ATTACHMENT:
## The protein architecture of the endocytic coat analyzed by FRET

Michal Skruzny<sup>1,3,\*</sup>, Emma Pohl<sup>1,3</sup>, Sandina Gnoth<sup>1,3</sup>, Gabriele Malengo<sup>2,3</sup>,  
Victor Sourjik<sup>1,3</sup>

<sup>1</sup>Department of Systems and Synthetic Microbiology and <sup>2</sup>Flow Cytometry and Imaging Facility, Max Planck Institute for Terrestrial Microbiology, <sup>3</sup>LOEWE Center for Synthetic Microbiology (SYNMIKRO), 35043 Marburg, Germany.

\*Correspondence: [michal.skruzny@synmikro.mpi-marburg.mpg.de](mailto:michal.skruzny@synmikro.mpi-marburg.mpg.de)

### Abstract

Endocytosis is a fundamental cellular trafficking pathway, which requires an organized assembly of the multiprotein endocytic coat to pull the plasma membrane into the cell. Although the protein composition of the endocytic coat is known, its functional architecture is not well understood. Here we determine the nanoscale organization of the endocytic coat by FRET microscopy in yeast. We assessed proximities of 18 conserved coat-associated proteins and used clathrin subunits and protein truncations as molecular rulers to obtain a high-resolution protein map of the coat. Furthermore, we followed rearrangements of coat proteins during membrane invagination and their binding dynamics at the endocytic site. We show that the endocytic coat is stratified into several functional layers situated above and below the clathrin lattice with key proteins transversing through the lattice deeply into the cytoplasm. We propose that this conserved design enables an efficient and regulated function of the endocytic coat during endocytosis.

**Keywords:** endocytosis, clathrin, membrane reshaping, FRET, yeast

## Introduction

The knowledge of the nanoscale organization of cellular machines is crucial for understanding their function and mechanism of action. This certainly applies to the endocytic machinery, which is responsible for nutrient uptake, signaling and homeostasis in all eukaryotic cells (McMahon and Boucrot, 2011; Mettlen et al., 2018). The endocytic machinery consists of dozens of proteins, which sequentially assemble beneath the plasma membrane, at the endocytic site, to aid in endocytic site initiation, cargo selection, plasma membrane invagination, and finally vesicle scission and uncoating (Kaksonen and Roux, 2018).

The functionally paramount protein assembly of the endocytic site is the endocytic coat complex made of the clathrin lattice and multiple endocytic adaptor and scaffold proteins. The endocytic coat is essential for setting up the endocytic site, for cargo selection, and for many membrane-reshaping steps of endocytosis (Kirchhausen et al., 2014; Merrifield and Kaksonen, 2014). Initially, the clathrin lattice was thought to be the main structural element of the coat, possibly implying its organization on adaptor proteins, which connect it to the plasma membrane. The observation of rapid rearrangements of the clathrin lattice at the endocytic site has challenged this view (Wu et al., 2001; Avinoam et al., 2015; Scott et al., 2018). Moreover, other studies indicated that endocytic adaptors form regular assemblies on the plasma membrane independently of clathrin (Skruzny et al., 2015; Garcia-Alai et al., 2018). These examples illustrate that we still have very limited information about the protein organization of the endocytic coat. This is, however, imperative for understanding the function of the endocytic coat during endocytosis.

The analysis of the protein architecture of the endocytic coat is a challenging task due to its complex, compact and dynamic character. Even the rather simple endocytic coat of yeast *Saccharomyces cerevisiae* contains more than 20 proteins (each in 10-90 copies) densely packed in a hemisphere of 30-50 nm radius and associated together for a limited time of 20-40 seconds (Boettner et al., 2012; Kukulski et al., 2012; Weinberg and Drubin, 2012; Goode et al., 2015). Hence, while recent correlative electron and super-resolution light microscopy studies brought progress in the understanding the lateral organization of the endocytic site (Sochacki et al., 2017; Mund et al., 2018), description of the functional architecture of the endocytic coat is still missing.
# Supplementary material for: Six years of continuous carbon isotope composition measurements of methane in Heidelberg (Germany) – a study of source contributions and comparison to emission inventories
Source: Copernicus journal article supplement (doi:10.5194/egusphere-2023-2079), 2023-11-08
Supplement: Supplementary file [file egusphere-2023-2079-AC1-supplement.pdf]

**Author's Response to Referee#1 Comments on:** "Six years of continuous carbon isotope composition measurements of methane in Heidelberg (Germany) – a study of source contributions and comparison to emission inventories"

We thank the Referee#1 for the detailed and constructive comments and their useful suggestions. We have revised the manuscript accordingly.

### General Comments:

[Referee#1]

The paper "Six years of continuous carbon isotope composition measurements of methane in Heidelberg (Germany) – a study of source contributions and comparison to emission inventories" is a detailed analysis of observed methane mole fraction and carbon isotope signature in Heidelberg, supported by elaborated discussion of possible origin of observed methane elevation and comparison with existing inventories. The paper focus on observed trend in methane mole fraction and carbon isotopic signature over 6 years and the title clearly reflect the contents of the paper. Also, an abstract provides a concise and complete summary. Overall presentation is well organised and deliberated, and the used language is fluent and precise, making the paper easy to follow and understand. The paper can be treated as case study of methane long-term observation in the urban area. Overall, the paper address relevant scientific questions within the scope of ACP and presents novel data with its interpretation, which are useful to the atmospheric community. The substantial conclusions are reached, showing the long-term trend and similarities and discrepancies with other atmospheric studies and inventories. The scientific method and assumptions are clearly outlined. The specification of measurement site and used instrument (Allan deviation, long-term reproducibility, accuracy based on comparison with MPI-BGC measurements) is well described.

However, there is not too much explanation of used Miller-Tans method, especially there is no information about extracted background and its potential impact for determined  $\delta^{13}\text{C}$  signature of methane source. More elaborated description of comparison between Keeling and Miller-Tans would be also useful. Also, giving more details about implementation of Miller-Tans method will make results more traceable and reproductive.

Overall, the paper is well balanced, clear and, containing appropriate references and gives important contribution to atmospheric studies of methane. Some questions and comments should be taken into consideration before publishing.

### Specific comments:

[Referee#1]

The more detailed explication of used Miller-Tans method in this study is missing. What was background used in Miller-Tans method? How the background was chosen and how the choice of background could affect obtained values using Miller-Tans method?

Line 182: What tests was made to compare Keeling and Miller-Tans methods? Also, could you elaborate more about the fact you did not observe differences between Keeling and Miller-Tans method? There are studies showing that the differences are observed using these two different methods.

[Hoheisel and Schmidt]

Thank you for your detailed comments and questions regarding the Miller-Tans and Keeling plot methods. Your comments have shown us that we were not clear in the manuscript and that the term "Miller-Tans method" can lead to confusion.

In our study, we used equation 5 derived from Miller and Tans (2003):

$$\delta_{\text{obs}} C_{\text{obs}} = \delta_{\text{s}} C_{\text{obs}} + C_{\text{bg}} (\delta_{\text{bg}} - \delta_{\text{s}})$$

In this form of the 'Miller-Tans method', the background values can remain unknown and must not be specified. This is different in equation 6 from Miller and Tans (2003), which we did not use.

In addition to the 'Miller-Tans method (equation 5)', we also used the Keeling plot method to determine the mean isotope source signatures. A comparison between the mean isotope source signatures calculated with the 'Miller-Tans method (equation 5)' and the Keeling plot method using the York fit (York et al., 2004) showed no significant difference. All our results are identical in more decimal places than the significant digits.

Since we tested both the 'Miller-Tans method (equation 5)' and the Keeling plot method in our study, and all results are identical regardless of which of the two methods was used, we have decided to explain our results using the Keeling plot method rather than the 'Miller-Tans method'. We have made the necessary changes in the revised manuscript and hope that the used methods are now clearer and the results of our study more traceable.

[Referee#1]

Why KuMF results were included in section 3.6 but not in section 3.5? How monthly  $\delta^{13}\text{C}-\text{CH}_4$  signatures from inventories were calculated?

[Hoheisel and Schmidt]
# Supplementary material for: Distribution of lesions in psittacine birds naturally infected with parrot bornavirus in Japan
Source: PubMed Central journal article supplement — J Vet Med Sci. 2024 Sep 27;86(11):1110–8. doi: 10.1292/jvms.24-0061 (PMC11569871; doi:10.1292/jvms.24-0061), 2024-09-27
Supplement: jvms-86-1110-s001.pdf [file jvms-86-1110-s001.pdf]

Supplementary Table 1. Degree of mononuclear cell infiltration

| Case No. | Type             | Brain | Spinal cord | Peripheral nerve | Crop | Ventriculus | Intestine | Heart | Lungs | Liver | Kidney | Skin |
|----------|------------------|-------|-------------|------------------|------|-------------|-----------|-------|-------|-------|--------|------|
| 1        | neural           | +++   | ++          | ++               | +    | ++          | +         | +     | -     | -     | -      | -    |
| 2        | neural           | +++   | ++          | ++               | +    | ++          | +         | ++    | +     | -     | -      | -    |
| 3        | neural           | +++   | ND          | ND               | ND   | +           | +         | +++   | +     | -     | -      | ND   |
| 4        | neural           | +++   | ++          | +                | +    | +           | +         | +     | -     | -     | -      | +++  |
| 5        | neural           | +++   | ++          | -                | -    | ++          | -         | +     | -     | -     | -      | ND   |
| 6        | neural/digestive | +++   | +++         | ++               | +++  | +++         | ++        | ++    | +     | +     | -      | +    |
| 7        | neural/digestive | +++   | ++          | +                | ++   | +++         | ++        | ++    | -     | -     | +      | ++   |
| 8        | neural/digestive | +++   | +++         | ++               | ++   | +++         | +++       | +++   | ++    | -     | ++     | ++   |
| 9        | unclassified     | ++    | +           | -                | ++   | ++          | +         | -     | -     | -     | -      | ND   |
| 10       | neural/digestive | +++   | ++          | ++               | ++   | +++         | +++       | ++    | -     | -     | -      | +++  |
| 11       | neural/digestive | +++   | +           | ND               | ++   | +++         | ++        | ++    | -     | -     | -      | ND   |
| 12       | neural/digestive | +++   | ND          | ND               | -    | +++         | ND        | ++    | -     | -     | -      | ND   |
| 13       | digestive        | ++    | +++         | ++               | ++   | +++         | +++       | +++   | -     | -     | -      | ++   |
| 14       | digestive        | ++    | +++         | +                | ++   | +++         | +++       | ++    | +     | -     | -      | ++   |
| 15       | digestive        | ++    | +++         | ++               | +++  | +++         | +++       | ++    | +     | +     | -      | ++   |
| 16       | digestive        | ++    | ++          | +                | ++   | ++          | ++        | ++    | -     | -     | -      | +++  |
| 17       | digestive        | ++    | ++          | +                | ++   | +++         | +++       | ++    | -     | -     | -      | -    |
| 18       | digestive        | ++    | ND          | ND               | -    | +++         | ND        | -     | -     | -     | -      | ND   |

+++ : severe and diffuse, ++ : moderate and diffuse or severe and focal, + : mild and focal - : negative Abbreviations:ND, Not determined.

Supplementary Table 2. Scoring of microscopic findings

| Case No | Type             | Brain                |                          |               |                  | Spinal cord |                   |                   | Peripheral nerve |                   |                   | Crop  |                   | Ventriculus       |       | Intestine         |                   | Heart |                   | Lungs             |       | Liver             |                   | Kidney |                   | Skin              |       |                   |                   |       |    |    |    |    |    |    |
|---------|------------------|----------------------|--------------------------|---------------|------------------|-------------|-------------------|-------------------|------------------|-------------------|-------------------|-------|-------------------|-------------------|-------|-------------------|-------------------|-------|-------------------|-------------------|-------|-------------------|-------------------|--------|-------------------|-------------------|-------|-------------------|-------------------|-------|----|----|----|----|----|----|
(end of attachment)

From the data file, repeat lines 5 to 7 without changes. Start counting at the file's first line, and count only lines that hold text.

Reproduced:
\*Correspondence: [michal.skruzny@synmikro.mpi-marburg.mpg.de](mailto:michal.skruzny@synmikro.mpi-marburg.mpg.de)

### Abstract

Endocytosis is a fundamental cellular trafficking pathway, which requires an organized assembly of the multiprotein endocytic coat to pull the plasma membrane into the cell. Although the protein composition of the endocytic coat is known, its functional architecture is not well understood. Here we determine the nanoscale organization of the endocytic coat by FRET microscopy in yeast. We assessed proximities of 18 conserved coat-associated proteins and used clathrin subunits and protein truncations as molecular rulers to obtain a high-resolution protein map of the coat. Furthermore, we followed rearrangements of coat proteins during membrane invagination and their binding dynamics at the endocytic site. We show that the endocytic coat is stratified into several functional layers situated above and below the clathrin lattice with key proteins transversing through the lattice deeply into the cytoplasm. We propose that this conserved design enables an efficient and regulated function of the endocytic coat during endocytosis.